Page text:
5. 5. Executive Summary / Building a Digital Economy : The Importance of Saving Jobs in the EU’s Creative Industries – 52. findings of thE study The study focuses on three questions : 1) What is the contribution of the creative industries to the european economy in terms of gdp and jobs ? 2) What are the consequences of piracy on retail revenue and jobs ? 3) If current policies do not change in the eU, what will these losses be by 2015 ? The analysis determined the following : – In 2008 the european Union’s creative industries, based on the more accurate and comprehensive definition, contributed 6.9%, or approximately €860 billion, to total european gdp, and represented 6.5% of the total workforce, or approximately 14 million workers. – In 2008 the european Union’s creative industries most impacted by piracy (film, Tv series, recorded music and software) experienced retail revenue losses of €10 billion and losses of more than 185 000 jobs due to piracy, largely digital piracy. – based on current projections and assuming no significant policy changes, the european Union’s creative industries could expect to see cumulative retail revenue losses of as much as €240 billion by 2015, resulting in 1.2 million jobs lost by 2015.3. mEthodology This study by Tera consultants builds upon a wide variety of prior studies and survey results. To measure the economic contributions of the creative industries to the eU economy, the study considers research and statistical data developed or sponsored by eU member nations, by the european commission and by the World Intellectual property organisation (WIpo). To estimate the impact of piracy in creative industries most at risk (recorded music, film, Tv series and software), the study analyses and integrates country-specific and industry-specific survey results in europe’s five largest markets (the UK, france, germany, Italy and Spain). In gathering the data for this study, the authors relied largely on data relating to digital piracy. In the case of markets in which the transition to digital entertainment is less advanced, the data also reflects residual physical piracy. This study does not quantify direct losses affecting all creative industries. for example, the loss estimates reported here omit the total piracy losses experienced by Tv sports broadcasters and sports interests throughout the eU. To estimate the future effects of digital piracy in europe, the study analyses industry forecasts of broadband penetration and cisco System’s forecasts of Internet traffic in europe. These forecasts are combined with Tera’s own estimates of the current effects of piracy.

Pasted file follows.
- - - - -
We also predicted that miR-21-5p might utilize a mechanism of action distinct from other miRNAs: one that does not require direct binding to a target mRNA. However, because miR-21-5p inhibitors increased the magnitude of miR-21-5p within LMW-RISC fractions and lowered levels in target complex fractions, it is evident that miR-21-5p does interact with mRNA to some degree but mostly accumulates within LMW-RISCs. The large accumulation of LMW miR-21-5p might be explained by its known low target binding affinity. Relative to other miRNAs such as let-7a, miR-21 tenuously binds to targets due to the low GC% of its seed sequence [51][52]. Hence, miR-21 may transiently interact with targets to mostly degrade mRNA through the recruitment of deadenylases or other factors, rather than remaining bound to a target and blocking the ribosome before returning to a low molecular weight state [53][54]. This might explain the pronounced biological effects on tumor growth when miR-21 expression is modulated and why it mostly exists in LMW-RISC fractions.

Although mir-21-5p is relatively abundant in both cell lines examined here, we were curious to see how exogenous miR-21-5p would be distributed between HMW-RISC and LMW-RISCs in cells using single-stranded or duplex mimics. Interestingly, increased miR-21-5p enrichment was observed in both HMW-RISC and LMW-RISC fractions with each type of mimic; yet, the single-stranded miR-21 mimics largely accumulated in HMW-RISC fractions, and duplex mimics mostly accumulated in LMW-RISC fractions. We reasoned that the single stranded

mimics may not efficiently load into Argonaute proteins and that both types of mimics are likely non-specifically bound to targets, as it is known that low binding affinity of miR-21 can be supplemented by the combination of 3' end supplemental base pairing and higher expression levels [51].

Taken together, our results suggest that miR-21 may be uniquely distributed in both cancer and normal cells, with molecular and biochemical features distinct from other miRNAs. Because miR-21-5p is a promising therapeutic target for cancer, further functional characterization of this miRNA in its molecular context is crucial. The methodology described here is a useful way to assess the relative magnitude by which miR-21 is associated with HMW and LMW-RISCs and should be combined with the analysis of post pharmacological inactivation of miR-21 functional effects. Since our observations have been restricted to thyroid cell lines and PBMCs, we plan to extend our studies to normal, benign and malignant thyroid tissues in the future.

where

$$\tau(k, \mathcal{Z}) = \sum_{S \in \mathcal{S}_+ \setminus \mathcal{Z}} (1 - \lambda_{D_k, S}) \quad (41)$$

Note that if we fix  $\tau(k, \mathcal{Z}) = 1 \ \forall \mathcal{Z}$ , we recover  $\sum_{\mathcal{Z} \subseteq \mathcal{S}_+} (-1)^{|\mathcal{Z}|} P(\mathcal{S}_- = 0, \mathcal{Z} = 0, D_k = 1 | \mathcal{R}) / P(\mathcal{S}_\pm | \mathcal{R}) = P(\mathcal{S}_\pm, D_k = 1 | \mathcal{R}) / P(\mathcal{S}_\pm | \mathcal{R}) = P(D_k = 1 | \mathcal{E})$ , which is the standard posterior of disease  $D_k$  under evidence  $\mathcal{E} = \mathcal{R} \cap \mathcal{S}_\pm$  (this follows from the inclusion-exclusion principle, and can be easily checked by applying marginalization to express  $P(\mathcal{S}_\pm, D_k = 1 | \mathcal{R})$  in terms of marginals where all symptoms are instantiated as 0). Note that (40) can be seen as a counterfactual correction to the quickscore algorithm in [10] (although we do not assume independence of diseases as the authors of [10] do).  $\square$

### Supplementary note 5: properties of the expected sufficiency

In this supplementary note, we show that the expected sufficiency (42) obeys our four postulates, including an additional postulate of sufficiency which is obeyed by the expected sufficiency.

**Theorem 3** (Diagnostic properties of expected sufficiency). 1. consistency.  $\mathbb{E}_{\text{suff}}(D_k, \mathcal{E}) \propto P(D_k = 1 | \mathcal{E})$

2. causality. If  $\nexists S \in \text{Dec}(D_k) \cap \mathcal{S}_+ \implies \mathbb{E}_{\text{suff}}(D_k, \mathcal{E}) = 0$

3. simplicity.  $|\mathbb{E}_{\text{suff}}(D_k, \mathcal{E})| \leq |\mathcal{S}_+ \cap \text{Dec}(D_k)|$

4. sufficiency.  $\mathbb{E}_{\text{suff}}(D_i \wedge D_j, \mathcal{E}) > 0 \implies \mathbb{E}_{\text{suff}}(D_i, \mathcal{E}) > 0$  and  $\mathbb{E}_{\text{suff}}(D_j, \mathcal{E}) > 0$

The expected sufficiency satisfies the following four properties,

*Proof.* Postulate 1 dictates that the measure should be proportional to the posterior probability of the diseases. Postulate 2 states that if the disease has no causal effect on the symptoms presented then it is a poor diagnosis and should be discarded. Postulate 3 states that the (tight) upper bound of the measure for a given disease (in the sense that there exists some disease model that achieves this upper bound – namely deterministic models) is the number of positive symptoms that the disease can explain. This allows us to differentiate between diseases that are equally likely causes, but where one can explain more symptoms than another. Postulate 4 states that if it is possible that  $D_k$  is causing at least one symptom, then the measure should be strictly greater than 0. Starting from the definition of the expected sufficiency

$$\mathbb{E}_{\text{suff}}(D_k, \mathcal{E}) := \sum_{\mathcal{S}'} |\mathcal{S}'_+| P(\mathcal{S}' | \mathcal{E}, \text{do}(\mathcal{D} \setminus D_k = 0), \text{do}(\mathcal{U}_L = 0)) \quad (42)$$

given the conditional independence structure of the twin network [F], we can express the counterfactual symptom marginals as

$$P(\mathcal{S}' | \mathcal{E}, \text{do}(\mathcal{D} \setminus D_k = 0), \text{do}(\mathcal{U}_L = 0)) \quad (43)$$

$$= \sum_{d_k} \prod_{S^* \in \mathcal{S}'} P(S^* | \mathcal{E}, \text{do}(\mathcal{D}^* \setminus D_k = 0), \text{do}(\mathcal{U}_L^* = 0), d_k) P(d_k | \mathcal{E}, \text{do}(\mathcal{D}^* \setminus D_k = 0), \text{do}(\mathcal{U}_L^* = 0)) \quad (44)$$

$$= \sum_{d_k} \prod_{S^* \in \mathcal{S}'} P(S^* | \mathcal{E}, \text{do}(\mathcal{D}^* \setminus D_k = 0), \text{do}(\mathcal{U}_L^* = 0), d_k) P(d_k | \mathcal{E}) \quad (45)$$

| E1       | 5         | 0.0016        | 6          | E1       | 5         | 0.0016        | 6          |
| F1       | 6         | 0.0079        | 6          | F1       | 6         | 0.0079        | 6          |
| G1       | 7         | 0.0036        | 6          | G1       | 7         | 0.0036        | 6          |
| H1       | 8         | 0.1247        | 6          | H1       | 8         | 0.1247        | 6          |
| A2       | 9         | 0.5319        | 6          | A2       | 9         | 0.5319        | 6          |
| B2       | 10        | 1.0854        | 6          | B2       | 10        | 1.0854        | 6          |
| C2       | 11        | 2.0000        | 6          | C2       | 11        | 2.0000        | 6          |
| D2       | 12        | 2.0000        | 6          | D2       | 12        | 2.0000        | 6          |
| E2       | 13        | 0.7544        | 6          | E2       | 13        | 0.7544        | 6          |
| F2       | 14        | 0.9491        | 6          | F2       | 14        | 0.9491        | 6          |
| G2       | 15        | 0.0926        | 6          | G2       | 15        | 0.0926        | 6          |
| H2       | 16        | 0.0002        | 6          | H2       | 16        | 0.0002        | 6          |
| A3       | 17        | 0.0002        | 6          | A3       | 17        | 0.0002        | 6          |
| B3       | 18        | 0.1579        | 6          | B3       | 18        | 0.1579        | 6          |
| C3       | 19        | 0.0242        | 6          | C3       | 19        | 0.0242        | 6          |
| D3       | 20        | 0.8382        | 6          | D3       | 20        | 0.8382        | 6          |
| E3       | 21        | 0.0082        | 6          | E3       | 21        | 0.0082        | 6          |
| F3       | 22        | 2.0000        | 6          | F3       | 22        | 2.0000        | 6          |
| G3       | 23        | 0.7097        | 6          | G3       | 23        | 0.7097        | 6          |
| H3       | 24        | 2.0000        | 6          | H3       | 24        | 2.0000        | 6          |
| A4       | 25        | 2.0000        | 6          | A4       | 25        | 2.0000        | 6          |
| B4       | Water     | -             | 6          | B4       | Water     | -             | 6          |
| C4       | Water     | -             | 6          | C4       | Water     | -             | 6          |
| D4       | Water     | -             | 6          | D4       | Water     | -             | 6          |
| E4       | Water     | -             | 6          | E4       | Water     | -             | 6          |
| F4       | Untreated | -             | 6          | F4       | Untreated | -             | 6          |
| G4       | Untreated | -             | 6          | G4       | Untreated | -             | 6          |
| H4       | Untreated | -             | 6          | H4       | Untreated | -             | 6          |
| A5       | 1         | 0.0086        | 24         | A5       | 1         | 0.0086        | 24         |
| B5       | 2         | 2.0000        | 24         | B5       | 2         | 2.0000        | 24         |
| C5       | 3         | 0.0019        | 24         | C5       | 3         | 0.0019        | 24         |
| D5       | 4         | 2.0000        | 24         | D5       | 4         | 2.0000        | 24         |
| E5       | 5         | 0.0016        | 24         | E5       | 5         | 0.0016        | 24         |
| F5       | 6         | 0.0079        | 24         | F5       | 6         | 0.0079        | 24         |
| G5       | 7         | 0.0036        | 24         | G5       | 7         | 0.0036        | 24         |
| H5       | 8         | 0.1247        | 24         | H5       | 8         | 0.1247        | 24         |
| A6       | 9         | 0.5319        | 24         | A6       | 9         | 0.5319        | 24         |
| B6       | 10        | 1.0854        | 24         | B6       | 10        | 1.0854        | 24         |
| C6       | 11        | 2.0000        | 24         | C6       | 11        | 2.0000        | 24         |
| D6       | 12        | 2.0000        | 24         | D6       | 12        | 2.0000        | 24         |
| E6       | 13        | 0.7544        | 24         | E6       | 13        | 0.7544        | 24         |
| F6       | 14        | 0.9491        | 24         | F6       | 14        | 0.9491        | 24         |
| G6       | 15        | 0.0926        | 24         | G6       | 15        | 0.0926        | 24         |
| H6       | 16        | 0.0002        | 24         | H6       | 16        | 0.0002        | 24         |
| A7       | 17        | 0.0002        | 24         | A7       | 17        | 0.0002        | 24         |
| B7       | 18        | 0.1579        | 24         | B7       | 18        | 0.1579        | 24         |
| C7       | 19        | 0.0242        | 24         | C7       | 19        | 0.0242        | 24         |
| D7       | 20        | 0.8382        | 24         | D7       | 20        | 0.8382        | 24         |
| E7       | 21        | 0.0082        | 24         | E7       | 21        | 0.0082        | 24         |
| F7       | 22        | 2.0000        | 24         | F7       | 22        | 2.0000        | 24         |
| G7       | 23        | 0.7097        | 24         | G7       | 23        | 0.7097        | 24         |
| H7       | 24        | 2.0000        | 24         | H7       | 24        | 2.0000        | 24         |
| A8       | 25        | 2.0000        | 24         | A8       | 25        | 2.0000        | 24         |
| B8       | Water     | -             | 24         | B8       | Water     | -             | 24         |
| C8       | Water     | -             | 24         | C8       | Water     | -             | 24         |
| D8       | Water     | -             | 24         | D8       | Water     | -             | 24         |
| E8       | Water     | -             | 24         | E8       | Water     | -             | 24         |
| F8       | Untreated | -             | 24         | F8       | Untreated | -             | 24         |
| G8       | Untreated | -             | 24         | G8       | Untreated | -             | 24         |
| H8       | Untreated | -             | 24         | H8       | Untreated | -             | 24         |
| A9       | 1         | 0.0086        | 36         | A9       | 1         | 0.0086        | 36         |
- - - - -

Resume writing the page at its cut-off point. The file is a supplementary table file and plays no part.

6. 6. 6 – The contribution of the creative industries to the european economy / Chapter 1 / Executive SummaryEXEcutiVE summaRy – chaptER 1The Contribution of the Creative Industriesto the European Economy The economic contributions of the creative industries are measured by value added to gross domestic product (gdp) and by number of employees. differing from previous research in this field, this study combines an expanded, comprehensive definition of “ core creative industries ” and adds “ non-core creative industries ” to form a more complete picture of europe’s creative industries : – The core creative industries have been identified in prior studies prepared on behalf of the european commission. These core industries manufacture and distribute creative products, including film, television, music, publishing and advertising. The more comprehensive definition used in this study includes relevant sectors such as software and online distribution of content. – The non-core creative industries convey creative goods and services to consumers and produce products that are consumed interdependently with creative goods. These industries include activities such as the manufacture and sale of hardware (Tvs, music-playing devices, etc.) and non-dedicated industries such as transport. as shown in Tables a and b, the core creative industries in the 27 countries of the european Union were estimated to generate almost €560 billion in value added to gdp in 2008. This contribution was approximately 4.5% of total european gdp in the same year. The value added by the total creative industries (core creative industries plus non-core creative industries), also shown in Tables a and b, was approximately €860 billion in 2008, representing an estimated 6.9% share of gdp. The creative industries also account for a significant number of jobs throughout europe. as shown in Table a, employment in the core creative industries in the 27 countries of the eU was approximately 8.5 million in 2008, or 3.8% of total european workforce. employment in the total creative industries (core creative industries plus non-core creative industries) was approximately 14 million, or 6.5% of the total eU workforce.